Mapquest: Stolen L guides symbolize rite of passage
It's been a long day of classes in the Loop, you're utterly exhausted and all you want is to do retreat back to your apartment. You look up to count how many stops remain on the interminable commute, and...all you see is an empty frame. Shards of paper are all that remain of the one sense of direction you had.
This is just one of many inconveniences caused by DePaul students' penchants for swiping "L" maps to sell, adorn their walls, or even give as gifts. This trend began at the beginning of the year but seems to have gained momentum recently, judging from the vacant map frames strewn among "L" cars.
One man's map is another man's poster. At least that's the sentiment among DePaul students. Dorm and apartment walls are often decorated with a collection of stolen maps. It seems to be our take on last generation's abstract portrait hanging over the fireplace.
But what's the appeal of a map? It seems so mundane; it's just too easy to snatch. Freshman Joe Lanzerotti equates the trend to a popular childhood game, "DePaul students steal "L" maps for the sport of it. It's like catching PokÃ©Mon in real life almost. It's fun to try and collect them all."
Elizabeth Gaughan, a freshman English major, was motivated by factors quite the opposite to Joe's. Worn down from balancing challenging classes and a college social life, Elizabeth laments, "I stole a map out of spite." From profound statements of frustration to competitive sport, "L" map stealing seems to appeal to a vast array of DePaul students.
Complementing the sporting aspects of the thievery is an informal ranking system of each map's value. According to a survey of students, the Red and Brown lines are among the least valuable because they are the most common lines ridden by DePaul students. The honor of most coveted map, though, is bestowed upon the Yellow Line (which requires taking the Red Line to Howard and then embarking to Skokie) and the cryptic Green Line (because of the air of mystery that surrounds it and its destination). But the map that completes every "L" Map collector's compendium is the official CTA "L" map featuring all of the lines.
So let's say you got your hands on an "L" map, however honest or sneaky your method, what now? Many DePaul students display their spoils on dorm or apartment walls. For DePaul student Grace Hanson, the map symbolizes much more than a successful looting. "It's like a rite of passage that you can hang on your wall," she says. Other students have given these maps as gifts, as well. For a college student on a budget, the option of snatching a map becomes incredibly tempting. The whimsical gifts are met with positive reception. On receiving a rare Yellow Line map as a gift from friends, Hanson gushed, "I was honored to receive a Yellow Line map from my friends. I was incredibly excited."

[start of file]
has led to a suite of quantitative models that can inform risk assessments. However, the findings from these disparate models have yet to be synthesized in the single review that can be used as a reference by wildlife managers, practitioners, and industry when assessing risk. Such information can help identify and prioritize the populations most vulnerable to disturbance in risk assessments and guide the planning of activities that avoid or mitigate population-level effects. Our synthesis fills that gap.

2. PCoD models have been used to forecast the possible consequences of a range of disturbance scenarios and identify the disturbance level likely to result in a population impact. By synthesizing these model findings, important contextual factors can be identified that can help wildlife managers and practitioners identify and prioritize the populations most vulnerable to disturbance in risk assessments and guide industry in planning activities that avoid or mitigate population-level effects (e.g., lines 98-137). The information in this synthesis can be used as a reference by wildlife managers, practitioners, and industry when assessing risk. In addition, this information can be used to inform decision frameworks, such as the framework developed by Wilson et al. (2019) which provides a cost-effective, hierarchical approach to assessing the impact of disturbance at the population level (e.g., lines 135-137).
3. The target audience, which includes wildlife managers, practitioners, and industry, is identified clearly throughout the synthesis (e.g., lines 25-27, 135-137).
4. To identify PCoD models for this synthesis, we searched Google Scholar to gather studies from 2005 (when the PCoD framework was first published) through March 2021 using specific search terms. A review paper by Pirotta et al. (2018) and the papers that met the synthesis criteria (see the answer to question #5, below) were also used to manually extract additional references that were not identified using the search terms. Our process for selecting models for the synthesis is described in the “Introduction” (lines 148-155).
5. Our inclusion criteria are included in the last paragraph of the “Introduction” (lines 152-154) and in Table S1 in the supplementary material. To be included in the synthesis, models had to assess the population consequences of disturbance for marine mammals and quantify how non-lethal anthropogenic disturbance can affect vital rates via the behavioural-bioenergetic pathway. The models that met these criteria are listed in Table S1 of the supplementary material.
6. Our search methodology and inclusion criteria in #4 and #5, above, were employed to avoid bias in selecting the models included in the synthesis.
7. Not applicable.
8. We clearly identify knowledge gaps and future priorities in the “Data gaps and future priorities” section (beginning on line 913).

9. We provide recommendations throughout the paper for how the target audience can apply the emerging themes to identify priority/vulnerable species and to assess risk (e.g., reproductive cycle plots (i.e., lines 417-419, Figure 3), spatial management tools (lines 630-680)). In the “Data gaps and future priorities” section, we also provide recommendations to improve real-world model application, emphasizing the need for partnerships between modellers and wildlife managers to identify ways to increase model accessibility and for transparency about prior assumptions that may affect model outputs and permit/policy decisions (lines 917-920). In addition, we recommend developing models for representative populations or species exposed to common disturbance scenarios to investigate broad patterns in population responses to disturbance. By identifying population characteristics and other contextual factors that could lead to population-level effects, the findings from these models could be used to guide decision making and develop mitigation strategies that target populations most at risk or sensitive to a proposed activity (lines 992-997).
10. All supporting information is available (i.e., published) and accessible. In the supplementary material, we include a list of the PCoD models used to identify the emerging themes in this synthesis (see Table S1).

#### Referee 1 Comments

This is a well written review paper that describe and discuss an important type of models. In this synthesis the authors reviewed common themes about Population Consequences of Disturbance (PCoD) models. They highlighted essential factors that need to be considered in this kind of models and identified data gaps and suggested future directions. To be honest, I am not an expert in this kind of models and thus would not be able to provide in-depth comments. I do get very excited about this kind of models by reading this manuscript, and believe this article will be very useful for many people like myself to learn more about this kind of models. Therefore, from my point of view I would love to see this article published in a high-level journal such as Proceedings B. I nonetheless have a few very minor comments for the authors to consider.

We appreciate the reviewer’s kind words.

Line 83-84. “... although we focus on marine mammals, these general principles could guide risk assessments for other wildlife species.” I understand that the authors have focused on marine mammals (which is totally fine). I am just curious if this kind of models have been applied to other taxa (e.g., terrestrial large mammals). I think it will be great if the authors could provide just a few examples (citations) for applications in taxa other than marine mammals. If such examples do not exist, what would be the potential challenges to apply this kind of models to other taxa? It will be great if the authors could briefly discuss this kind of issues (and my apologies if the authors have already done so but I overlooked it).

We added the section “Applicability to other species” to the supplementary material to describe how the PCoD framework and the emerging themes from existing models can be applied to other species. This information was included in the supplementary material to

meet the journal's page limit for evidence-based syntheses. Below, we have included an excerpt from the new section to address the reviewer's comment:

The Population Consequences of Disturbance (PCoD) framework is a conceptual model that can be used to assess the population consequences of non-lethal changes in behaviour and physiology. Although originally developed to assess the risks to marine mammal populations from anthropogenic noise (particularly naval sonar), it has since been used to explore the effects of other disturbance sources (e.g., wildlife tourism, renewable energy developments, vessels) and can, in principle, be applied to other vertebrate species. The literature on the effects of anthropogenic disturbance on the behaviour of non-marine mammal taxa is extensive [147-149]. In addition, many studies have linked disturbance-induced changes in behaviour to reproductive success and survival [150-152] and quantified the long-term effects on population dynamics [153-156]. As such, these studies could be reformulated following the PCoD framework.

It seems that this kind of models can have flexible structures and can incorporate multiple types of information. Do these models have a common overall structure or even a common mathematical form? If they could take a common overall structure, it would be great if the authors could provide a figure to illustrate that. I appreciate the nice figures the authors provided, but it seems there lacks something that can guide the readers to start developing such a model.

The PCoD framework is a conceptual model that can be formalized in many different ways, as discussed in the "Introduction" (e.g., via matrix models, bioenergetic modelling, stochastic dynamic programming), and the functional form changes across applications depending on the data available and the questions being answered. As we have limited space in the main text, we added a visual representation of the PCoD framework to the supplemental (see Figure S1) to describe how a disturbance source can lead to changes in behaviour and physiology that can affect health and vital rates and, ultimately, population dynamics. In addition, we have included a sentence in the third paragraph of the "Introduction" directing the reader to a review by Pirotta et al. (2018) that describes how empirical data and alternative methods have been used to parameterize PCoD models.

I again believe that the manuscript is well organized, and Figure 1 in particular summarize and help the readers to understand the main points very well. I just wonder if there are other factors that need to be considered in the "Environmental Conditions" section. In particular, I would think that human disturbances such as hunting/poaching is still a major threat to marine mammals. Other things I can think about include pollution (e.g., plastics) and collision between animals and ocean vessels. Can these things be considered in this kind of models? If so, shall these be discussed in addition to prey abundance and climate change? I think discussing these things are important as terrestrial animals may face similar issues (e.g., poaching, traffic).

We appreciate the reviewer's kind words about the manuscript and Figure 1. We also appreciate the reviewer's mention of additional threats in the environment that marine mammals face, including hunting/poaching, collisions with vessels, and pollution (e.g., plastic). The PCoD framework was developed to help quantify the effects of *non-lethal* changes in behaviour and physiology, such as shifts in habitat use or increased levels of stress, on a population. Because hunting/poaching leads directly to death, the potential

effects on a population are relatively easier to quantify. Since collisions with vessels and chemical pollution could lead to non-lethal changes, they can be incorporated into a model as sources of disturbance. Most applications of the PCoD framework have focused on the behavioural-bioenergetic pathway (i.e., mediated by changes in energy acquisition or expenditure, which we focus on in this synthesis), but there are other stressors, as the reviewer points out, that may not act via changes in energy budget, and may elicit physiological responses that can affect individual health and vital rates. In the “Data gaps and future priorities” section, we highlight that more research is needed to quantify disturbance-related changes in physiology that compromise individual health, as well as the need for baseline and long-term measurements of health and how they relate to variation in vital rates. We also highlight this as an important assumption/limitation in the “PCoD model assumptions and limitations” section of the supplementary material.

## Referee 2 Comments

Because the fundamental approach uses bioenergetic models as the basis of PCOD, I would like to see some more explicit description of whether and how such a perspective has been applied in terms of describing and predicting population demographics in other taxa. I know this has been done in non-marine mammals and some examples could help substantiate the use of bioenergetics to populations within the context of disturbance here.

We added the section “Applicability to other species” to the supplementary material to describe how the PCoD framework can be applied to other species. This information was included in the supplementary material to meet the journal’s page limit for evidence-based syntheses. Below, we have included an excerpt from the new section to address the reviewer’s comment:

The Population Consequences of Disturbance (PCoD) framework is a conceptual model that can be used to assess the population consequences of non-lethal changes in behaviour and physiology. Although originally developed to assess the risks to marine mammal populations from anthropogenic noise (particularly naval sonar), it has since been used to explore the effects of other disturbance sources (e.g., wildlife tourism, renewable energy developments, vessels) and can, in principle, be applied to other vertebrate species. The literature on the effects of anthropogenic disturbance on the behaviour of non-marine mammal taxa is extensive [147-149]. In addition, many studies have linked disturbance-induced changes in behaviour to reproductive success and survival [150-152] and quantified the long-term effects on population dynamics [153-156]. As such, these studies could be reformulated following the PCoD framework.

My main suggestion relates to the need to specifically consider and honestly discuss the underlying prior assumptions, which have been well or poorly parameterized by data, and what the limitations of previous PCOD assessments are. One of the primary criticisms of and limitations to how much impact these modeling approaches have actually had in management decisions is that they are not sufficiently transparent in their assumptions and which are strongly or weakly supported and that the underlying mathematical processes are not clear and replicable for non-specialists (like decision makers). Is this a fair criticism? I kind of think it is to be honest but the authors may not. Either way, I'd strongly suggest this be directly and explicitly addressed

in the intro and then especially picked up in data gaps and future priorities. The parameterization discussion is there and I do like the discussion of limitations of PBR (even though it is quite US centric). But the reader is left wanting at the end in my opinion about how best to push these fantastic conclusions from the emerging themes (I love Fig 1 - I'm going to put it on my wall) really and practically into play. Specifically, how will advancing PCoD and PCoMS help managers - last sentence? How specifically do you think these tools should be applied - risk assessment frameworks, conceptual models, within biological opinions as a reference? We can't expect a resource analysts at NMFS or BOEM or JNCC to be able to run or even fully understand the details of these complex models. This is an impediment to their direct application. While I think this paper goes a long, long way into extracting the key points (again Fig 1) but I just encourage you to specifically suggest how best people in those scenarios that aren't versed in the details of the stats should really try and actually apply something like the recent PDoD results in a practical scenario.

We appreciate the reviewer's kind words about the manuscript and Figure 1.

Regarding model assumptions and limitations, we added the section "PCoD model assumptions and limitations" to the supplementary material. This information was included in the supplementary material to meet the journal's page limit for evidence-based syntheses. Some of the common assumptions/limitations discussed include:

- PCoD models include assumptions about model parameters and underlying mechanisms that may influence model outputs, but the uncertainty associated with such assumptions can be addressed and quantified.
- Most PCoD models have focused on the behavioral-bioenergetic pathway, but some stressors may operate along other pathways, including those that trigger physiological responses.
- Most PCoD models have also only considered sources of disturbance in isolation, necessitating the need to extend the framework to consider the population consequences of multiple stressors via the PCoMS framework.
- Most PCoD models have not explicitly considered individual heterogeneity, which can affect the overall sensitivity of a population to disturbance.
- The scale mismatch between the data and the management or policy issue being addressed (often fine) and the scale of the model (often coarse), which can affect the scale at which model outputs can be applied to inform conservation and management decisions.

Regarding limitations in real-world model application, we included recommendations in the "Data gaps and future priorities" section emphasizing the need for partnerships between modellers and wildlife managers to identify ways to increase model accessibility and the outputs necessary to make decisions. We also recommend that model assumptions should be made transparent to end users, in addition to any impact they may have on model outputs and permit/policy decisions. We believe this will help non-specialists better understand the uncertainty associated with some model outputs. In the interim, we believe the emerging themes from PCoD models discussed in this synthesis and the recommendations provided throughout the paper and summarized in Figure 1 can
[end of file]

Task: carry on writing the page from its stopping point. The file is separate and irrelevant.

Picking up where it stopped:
DePaul student Thomas Gutheil is somewhat of an expert concerning 'L' map theft; he has collected over 10 maps to decorate his room and give as gifts. Thomas doesn't believe that the thievery trend adversely affects the CTA, "I don't think it matters. The CTA could make a lot of money if they just understood to sell these maps but until then I'm almost positive they won't be able to stop college students from taking them."
But what kind of feasible solution is there to curb El map theft? Some lines' maps have recently been bolted to their frames, making it impossible to take the map without tearing it beyond recognition. The CTA refused to comment regarding monetary losses resulting from 'L' map theft, but it seems to be taking some small steps to solving the problem.
The CTA does offer "custom printed" maps at their online gift shop for $36. If you're willing to shell out the cash, you can get it framed for $180. Upon hearing the high price of these otherwise free maps, students guffawed at the thought of forking of hard-earned paychecks and small allowances for the print.
Many maps on trains are now either bolted down or encased in a plastic frame. So unless you're willing to spend an entire night unscrewing bolts and peeling away at plastic, that coveted decoration will be just out of reach.
Joe Lanzerotti, though, has a rather unconventional solution to this problem, "In all honesty, it would be smart of them to purposely ruin some of the maps with coffee stains or sharpie lines or something. People only want the clean ones."
Stealing 'L' maps is not just an activity of thievery that DePaul students happen to enjoy; it's an entire event. Friends get together and explore Chicago all in pursuit of a piece of paper with a brightly colored line printed across it. It's much more than just a map; it's a way of bringing students together, maybe for a questionable cause, but together nonetheless.
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